By Amy Holbrook
In the past thirty days, the news in the auto finance world has been focused on the subpoenas that were issued by the Department of Justice to GM Financial and Santander Consumer USA. The subpoenas sought documentation on subprime auto loans dating from 2007 and raised concern about increased scrutiny and regulatory review. According to a statement made by GM Financial, the subpoenas are specifically seeking information about underwriting criteria and the methodology for the securitization for these loans.
It is likely that a number of factors brought about this investigation. In June 2014, the Office of the Comptroller of Currency commented that the average auto loan had a value greater than the actual value of the collateral, particularly when lenders were adding in the costs of extended warranties, credit life insurance and other factors. Others have raised concerns that an increased number of private equity firms willing to purchase subprime auto securities have entered the market. This creates greater competition for originators and lenders, who may elect to reduce their underwriting standards and provide credit to individuals with lower creditor scores in order to keep up.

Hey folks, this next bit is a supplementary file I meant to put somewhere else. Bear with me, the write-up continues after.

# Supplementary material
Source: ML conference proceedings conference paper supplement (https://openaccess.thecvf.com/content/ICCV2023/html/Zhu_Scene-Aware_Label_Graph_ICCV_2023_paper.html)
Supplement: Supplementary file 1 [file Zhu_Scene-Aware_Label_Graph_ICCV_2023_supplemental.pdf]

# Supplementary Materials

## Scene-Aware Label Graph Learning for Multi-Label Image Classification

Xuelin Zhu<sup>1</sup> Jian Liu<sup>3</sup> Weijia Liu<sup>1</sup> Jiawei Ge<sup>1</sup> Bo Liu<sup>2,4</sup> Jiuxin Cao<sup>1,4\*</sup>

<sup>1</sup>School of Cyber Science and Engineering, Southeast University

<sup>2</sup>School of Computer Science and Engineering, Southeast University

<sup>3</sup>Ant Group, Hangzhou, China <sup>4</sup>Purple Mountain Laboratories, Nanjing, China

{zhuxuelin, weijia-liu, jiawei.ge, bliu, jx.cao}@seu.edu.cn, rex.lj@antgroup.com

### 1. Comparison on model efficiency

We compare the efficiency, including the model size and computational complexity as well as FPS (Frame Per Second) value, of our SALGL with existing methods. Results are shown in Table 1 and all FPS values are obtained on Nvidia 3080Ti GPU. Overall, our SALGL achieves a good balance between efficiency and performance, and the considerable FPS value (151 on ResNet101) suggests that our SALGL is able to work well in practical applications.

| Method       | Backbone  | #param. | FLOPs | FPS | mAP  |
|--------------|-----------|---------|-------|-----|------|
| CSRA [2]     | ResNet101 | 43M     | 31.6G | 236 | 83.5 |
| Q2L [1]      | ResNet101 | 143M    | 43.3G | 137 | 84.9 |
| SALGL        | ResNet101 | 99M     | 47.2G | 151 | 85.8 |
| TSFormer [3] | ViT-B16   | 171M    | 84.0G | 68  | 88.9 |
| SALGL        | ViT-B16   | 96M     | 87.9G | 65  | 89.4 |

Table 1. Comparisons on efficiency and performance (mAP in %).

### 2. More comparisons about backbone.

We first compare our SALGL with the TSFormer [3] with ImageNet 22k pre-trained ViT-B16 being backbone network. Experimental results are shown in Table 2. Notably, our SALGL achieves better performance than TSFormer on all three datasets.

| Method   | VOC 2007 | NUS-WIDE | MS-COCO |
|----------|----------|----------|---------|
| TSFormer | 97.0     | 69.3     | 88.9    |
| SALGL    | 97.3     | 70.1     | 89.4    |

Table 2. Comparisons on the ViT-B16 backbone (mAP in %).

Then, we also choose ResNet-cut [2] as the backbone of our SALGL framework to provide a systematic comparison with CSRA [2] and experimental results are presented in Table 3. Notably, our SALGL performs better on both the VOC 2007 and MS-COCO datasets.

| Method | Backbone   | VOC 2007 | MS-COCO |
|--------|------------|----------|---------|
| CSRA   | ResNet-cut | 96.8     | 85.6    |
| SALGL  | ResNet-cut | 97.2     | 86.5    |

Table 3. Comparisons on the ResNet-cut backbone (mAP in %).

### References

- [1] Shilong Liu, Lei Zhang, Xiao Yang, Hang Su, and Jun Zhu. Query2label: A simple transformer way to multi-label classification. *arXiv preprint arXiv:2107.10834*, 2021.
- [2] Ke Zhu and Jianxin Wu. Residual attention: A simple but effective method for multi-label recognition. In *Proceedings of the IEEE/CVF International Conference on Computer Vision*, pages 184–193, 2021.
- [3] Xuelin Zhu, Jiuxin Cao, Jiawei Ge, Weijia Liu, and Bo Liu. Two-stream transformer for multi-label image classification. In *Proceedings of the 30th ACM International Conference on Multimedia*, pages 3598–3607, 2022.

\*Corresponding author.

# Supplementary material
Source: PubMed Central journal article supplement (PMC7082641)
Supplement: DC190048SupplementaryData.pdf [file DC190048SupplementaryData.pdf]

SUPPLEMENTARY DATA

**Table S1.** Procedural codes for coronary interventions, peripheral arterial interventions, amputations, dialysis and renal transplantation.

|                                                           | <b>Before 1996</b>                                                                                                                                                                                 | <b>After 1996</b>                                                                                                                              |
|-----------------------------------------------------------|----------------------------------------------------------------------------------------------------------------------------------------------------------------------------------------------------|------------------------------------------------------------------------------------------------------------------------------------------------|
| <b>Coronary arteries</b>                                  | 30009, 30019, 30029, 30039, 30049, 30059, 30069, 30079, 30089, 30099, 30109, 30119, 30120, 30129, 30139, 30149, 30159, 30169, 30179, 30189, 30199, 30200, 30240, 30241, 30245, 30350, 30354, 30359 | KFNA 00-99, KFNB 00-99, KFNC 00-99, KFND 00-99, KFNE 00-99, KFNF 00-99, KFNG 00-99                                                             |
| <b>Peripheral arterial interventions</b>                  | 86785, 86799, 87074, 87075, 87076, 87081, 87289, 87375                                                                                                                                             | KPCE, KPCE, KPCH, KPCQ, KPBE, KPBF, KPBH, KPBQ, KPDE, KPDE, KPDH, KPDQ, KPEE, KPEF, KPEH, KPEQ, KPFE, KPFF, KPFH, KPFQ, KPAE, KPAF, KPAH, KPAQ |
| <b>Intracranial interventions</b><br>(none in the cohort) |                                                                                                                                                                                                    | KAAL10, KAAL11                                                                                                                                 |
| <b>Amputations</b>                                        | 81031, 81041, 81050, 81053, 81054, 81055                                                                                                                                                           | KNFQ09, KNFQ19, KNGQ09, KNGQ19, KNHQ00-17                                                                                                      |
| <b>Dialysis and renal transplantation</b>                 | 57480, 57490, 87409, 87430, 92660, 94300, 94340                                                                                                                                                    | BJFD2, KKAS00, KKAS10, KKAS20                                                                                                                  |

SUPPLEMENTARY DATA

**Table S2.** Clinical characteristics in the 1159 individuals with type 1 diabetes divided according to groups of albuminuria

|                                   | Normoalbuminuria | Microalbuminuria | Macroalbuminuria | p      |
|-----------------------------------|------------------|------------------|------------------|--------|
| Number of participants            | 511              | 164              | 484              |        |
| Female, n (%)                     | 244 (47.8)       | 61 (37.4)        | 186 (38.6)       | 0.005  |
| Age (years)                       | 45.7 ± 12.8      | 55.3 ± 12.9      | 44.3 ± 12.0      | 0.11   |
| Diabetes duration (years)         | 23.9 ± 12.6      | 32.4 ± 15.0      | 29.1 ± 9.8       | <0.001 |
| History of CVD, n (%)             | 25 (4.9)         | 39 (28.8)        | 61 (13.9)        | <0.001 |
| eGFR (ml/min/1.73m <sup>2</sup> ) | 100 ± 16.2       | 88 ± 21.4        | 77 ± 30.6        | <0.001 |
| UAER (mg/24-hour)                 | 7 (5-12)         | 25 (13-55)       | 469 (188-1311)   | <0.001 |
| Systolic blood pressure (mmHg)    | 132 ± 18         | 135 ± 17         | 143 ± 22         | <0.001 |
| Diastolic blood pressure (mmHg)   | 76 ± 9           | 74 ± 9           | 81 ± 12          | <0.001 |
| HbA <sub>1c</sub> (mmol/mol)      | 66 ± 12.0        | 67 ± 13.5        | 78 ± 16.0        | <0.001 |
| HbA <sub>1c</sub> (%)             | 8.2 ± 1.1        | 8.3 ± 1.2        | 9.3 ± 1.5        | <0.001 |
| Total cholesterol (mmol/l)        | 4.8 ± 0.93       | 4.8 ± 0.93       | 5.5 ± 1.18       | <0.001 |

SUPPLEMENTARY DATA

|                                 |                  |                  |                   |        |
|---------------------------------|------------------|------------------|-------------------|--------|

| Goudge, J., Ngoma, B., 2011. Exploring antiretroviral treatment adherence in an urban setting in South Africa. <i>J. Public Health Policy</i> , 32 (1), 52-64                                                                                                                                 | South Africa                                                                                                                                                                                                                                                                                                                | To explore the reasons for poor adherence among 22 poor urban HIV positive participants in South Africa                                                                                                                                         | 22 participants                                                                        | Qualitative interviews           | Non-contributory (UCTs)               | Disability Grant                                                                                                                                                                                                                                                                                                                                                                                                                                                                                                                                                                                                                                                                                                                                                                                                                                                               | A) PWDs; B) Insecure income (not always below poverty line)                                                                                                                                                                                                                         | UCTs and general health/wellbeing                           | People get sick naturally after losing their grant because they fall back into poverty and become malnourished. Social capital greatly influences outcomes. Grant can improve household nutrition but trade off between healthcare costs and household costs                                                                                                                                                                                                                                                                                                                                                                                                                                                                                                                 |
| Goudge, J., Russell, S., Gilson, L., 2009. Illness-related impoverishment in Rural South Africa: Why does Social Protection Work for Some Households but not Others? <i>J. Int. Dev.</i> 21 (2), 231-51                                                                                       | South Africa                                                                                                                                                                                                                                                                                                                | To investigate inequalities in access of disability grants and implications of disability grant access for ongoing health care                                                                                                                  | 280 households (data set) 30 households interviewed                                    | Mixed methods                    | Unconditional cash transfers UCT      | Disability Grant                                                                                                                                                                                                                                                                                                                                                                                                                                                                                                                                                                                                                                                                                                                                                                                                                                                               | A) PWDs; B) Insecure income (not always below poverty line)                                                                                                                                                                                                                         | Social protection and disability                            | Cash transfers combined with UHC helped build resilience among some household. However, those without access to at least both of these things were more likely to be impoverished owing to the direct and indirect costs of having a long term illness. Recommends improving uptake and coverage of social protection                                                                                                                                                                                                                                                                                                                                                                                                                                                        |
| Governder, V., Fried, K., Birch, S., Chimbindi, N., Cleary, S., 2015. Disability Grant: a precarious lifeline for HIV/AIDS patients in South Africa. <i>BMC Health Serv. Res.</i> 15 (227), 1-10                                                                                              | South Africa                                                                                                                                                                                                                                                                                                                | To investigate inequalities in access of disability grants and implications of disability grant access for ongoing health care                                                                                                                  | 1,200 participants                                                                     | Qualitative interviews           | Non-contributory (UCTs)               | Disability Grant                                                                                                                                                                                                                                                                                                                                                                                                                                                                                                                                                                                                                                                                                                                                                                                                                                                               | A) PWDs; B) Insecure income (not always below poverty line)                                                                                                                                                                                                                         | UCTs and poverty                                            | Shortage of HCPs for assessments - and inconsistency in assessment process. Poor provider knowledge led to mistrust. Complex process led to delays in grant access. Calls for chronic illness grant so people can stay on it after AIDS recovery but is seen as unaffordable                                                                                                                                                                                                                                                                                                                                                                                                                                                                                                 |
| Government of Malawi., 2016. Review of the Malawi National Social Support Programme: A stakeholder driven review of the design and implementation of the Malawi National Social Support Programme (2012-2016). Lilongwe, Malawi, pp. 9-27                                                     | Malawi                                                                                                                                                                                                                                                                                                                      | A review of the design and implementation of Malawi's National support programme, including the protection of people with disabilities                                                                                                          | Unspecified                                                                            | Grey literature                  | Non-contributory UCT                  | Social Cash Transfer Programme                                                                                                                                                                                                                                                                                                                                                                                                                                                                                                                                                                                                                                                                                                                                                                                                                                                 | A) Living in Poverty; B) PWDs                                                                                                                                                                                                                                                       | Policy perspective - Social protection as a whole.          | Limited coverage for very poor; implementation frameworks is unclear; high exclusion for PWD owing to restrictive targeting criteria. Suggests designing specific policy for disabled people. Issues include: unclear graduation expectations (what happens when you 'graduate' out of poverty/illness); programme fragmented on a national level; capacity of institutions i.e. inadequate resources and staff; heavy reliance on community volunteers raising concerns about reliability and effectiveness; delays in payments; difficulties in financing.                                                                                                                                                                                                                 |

A side effect to reaching further into the subprime space is that the length of the loan tends to get longer, and the monthly payment obligation gets shorter. It provides a greater length of time for a consumer to default and, with a smaller payment, there is a greater risk that if a vehicle must be repossessed, less will have been paid toward the principal.